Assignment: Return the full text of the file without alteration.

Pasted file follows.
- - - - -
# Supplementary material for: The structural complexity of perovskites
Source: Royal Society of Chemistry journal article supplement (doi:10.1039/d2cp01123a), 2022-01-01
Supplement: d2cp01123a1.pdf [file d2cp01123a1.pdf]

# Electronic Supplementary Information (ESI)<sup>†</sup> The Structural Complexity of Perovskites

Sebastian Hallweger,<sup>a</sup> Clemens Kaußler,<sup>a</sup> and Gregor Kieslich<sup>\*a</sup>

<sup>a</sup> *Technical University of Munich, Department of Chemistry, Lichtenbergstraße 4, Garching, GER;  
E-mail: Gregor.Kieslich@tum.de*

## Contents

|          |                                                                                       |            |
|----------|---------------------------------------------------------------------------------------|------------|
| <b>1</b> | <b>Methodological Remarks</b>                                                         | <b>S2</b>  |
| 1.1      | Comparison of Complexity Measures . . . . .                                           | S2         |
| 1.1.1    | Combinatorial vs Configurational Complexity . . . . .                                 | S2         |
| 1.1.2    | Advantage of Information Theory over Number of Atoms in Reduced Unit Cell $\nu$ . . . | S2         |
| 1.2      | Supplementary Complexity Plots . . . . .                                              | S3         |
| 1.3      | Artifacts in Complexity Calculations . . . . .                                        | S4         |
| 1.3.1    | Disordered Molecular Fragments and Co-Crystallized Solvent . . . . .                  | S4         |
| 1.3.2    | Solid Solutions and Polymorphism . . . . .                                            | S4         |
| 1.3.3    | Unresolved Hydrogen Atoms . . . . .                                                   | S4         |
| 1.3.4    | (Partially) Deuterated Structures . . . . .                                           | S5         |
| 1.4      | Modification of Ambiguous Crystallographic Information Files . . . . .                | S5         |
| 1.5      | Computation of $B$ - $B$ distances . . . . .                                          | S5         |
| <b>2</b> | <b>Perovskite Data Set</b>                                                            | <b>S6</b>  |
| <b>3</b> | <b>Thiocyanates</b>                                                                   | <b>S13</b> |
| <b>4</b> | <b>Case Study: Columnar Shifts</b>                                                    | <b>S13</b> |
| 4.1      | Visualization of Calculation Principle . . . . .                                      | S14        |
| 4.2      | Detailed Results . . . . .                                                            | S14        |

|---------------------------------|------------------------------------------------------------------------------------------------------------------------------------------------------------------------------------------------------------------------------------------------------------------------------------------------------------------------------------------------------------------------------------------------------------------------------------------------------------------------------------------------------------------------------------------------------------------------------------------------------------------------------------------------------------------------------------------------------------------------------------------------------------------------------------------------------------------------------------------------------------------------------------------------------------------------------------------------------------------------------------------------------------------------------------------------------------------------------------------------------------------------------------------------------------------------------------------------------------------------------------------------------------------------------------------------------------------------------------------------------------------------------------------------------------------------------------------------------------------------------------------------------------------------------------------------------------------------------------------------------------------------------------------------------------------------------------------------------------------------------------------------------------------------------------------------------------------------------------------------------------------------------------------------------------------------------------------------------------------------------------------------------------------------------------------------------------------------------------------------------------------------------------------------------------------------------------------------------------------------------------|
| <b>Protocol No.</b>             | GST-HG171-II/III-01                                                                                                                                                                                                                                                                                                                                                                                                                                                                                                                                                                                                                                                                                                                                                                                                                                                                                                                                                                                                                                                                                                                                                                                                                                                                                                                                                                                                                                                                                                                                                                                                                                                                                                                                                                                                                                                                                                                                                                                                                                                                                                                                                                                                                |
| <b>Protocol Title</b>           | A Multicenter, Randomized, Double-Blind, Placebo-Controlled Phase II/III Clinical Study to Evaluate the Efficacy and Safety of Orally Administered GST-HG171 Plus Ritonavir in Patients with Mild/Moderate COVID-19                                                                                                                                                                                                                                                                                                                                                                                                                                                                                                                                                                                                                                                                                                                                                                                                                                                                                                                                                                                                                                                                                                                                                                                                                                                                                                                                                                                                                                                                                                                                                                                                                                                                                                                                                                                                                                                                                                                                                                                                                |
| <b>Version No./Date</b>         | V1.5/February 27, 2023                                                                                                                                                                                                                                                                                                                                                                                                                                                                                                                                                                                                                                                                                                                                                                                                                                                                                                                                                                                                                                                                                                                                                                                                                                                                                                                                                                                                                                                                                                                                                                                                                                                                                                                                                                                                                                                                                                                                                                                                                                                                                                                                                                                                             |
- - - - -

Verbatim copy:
# Supplementary material for: The structural complexity of perovskites
Source: Royal Society of Chemistry journal article supplement (doi:10.1039/d2cp01123a), 2022-01-01
Supplement: d2cp01123a1.pdf [file d2cp01123a1.pdf]

# Electronic Supplementary Information (ESI)<sup>†</sup> The Structural Complexity of Perovskites

Sebastian Hallweger,<sup>a</sup> Clemens Kaußler,<sup>a</sup> and Gregor Kieslich<sup>\*a</sup>

<sup>a</sup> *Technical University of Munich, Department of Chemistry, Lichtenbergstraße 4, Garching, GER;  
E-mail: Gregor.Kieslich@tum.de*

## Contents

|          |                                                                                       |            |
|----------|---------------------------------------------------------------------------------------|------------|
| <b>1</b> | <b>Methodological Remarks</b>                                                         | <b>S2</b>  |
| 1.1      | Comparison of Complexity Measures . . . . .                                           | S2         |
| 1.1.1    | Combinatorial vs Configurational Complexity . . . . .                                 | S2         |
| 1.1.2    | Advantage of Information Theory over Number of Atoms in Reduced Unit Cell $\nu$ . . . | S2         |
| 1.2      | Supplementary Complexity Plots . . . . .                                              | S3         |
| 1.3      | Artifacts in Complexity Calculations . . . . .                                        | S4         |
| 1.3.1    | Disordered Molecular Fragments and Co-Crystallized Solvent . . . . .                  | S4         |
| 1.3.2    | Solid Solutions and Polymorphism . . . . .                                            | S4         |
| 1.3.3    | Unresolved Hydrogen Atoms . . . . .                                                   | S4         |
| 1.3.4    | (Partially) Deuterated Structures . . . . .                                           | S5         |
| 1.4      | Modification of Ambiguous Crystallographic Information Files . . . . .                | S5         |
| 1.5      | Computation of $B$ - $B$ distances . . . . .                                          | S5         |
| <b>2</b> | <b>Perovskite Data Set</b>                                                            | <b>S6</b>  |
| <b>3</b> | <b>Thiocyanates</b>                                                                   | <b>S13</b> |
| <b>4</b> | <b>Case Study: Columnar Shifts</b>                                                    | <b>S13</b> |
| 4.1      | Visualization of Calculation Principle . . . . .                                      | S14        |
| 4.2      | Detailed Results . . . . .                                                            | S14        |

|---------------------------------|------------------------------------------------------------------------------------------------------------------------------------------------------------------------------------------------------------------------------------------------------------------------------------------------------------------------------------------------------------------------------------------------------------------------------------------------------------------------------------------------------------------------------------------------------------------------------------------------------------------------------------------------------------------------------------------------------------------------------------------------------------------------------------------------------------------------------------------------------------------------------------------------------------------------------------------------------------------------------------------------------------------------------------------------------------------------------------------------------------------------------------------------------------------------------------------------------------------------------------------------------------------------------------------------------------------------------------------------------------------------------------------------------------------------------------------------------------------------------------------------------------------------------------------------------------------------------------------------------------------------------------------------------------------------------------------------------------------------------------------------------------------------------------------------------------------------------------------------------------------------------------------------------------------------------------------------------------------------------------------------------------------------------------------------------------------------------------------------------------------------------------------------------------------------------------------------------------------------------------|
| <b>Protocol No.</b>             | GST-HG171-II/III-01                                                                                                                                                                                                                                                                                                                                                                                                                                                                                                                                                                                                                                                                                                                                                                                                                                                                                                                                                                                                                                                                                                                                                                                                                                                                                                                                                                                                                                                                                                                                                                                                                                                                                                                                                                                                                                                                                                                                                                                                                                                                                                                                                                                                                |
| <b>Protocol Title</b>           | A Multicenter, Randomized, Double-Blind, Placebo-Controlled Phase II/III Clinical Study to Evaluate the Efficacy and Safety of Orally Administered GST-HG171 Plus Ritonavir in Patients with Mild/Moderate COVID-19                                                                                                                                                                                                                                                                                                                                                                                                                                                                                                                                                                                                                                                                                                                                                                                                                                                                                                                                                                                                                                                                                                                                                                                                                                                                                                                                                                                                                                                                                                                                                                                                                                                                                                                                                                                                                                                                                                                                                                                                                |
| <b>Version No./Date</b>         | V1.5/February 27, 2023                                                                                                                                                                                                                                                                                                                                                                                                                                                                                                                                                                                                                                                                                                                                                                                                                                                                                                                                                                                                                                                                                                                                                                                                                                                                                                                                                                                                                                                                                                                                                                                                                                                                                                                                                                                                                                                                                                                                                                                                                                                                                                                                                                                                             |